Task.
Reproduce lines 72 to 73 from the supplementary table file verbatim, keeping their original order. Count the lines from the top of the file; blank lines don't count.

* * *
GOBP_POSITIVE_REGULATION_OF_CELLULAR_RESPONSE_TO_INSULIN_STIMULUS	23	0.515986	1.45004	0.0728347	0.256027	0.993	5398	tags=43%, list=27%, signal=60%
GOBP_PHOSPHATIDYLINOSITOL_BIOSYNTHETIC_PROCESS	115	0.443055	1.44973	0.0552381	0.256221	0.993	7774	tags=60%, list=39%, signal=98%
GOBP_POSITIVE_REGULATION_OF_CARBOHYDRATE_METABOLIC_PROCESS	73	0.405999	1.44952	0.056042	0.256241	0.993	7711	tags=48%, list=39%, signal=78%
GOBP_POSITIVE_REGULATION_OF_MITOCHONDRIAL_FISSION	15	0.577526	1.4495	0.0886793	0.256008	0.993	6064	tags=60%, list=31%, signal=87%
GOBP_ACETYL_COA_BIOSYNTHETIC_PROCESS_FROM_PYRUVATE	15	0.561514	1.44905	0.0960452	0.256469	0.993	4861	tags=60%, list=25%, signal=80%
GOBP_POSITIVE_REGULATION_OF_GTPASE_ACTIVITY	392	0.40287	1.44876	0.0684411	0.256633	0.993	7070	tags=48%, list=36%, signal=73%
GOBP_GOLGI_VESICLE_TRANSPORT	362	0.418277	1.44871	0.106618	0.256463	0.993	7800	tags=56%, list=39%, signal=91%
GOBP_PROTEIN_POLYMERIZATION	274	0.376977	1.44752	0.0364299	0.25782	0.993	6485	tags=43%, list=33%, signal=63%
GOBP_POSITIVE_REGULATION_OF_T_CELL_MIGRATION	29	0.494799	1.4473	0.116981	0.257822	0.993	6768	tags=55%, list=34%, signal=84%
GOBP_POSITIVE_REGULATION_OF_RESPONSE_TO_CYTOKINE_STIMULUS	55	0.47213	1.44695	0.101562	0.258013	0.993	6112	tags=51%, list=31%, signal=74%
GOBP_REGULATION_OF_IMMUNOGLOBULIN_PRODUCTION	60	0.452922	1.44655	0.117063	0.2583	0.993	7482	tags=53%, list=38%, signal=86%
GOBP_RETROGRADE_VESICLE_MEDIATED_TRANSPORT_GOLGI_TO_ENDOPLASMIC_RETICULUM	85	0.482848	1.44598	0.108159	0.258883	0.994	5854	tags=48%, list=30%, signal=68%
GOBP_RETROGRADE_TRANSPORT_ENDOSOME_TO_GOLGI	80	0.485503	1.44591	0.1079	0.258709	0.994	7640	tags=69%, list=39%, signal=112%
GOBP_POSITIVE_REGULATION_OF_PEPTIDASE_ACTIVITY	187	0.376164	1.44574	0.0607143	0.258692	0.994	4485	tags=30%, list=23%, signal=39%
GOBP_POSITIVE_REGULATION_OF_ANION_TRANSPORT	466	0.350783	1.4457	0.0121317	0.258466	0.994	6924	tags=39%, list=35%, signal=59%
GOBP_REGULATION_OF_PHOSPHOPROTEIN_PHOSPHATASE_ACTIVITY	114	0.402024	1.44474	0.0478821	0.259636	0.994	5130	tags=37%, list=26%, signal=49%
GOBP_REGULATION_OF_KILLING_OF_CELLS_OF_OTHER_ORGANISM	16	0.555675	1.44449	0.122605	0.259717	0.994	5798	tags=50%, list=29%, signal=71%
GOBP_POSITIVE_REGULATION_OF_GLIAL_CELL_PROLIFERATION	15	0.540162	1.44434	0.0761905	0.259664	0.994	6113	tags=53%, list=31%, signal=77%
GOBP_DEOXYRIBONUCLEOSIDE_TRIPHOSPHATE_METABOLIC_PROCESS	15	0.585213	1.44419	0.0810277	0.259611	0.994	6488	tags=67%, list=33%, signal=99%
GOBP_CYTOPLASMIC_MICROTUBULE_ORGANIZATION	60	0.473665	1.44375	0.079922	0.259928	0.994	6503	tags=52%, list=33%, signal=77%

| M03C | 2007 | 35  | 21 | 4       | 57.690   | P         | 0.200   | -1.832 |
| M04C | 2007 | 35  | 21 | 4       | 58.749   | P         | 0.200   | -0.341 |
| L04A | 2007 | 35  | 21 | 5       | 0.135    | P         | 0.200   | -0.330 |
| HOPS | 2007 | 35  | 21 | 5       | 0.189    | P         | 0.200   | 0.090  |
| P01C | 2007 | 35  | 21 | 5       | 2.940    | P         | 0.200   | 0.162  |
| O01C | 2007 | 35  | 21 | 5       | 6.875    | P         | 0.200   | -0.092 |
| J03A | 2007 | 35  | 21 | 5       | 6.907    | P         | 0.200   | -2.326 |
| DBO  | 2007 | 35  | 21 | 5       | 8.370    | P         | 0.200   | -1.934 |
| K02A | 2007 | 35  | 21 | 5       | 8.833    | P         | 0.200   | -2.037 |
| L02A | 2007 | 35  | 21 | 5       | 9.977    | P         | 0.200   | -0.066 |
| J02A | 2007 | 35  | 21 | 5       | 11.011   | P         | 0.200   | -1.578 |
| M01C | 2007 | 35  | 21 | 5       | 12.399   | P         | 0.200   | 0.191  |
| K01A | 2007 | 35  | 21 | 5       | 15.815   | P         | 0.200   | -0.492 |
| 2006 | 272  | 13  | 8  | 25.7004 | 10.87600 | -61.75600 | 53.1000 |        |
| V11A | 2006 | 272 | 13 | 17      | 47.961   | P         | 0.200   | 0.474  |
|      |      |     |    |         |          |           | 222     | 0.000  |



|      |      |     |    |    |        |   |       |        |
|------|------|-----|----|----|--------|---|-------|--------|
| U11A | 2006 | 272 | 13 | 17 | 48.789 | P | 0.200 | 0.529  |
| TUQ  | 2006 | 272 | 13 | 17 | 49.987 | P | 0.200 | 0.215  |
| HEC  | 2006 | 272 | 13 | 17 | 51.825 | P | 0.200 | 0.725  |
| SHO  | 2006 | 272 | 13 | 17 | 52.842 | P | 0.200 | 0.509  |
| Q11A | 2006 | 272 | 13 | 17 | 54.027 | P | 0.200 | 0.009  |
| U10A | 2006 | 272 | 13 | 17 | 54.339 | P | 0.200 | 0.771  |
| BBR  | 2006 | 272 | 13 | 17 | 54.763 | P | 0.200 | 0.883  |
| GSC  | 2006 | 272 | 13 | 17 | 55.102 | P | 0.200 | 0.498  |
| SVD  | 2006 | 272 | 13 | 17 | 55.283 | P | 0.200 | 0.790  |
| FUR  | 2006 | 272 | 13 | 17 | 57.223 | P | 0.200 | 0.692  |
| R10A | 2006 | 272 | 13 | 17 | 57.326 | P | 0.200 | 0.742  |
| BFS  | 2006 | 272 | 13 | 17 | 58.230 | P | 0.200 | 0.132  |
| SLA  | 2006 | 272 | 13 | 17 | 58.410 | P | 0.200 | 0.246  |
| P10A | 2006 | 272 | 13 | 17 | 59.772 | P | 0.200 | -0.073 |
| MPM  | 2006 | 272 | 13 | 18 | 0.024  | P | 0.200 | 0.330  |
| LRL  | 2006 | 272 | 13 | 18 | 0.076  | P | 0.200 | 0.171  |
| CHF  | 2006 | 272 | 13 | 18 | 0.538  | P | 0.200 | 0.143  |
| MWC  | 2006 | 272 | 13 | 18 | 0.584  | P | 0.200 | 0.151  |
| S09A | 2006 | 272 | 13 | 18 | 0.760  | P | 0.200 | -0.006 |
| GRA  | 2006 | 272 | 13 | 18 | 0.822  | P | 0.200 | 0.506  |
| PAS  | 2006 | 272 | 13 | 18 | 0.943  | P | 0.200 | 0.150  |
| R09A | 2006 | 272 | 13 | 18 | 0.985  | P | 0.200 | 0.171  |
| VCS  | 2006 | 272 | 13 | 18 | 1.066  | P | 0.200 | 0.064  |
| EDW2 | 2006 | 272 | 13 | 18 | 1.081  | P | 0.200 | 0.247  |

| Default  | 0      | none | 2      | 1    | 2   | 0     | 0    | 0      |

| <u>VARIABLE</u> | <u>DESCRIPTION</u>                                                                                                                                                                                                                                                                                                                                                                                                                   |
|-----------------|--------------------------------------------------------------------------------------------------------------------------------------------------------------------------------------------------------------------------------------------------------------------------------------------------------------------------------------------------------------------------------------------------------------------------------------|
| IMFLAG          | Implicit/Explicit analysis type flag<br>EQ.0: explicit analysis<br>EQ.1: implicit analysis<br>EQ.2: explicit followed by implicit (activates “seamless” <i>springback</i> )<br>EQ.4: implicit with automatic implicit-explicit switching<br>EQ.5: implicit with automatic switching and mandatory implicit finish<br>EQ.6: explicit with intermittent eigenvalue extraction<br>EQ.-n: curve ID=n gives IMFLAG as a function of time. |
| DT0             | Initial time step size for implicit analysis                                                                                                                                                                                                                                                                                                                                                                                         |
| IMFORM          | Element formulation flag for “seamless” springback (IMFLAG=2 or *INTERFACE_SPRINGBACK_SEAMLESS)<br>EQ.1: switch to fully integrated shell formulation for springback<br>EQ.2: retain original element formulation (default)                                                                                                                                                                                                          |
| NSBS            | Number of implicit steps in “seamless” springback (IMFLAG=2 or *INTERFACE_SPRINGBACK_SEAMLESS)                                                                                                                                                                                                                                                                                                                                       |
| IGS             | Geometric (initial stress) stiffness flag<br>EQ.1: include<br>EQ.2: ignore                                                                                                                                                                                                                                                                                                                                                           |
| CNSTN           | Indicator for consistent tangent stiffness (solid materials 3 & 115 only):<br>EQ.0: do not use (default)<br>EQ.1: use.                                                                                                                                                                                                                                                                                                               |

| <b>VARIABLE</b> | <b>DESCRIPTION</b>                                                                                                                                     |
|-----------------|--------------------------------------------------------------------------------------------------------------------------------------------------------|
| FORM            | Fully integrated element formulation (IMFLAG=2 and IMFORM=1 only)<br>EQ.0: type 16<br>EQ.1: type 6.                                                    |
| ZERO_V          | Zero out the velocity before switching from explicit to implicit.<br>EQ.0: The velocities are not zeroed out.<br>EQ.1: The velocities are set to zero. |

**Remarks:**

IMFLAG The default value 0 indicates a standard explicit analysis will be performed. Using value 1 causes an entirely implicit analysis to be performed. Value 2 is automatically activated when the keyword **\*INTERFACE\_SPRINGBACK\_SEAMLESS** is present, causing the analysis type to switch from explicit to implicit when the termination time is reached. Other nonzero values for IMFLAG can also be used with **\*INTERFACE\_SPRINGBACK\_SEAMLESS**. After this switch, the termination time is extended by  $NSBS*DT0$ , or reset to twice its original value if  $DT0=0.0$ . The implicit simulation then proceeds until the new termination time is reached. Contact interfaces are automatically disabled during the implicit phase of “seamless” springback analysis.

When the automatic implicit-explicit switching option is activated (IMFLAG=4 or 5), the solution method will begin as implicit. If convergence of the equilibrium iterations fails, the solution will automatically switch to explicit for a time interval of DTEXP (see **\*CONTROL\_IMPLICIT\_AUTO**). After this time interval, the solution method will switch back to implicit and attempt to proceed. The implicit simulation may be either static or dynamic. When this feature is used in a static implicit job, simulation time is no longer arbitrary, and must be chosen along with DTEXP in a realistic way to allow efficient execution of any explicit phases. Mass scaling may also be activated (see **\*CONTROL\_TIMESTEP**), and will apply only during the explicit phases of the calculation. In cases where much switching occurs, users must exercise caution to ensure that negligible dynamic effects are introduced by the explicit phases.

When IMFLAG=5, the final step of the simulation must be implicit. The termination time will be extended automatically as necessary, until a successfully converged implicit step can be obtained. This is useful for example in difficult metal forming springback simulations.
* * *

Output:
| <b>VARIABLE</b> | <b>DESCRIPTION</b>                                                                                                                                     |
|-----------------|--------------------------------------------------------------------------------------------------------------------------------------------------------|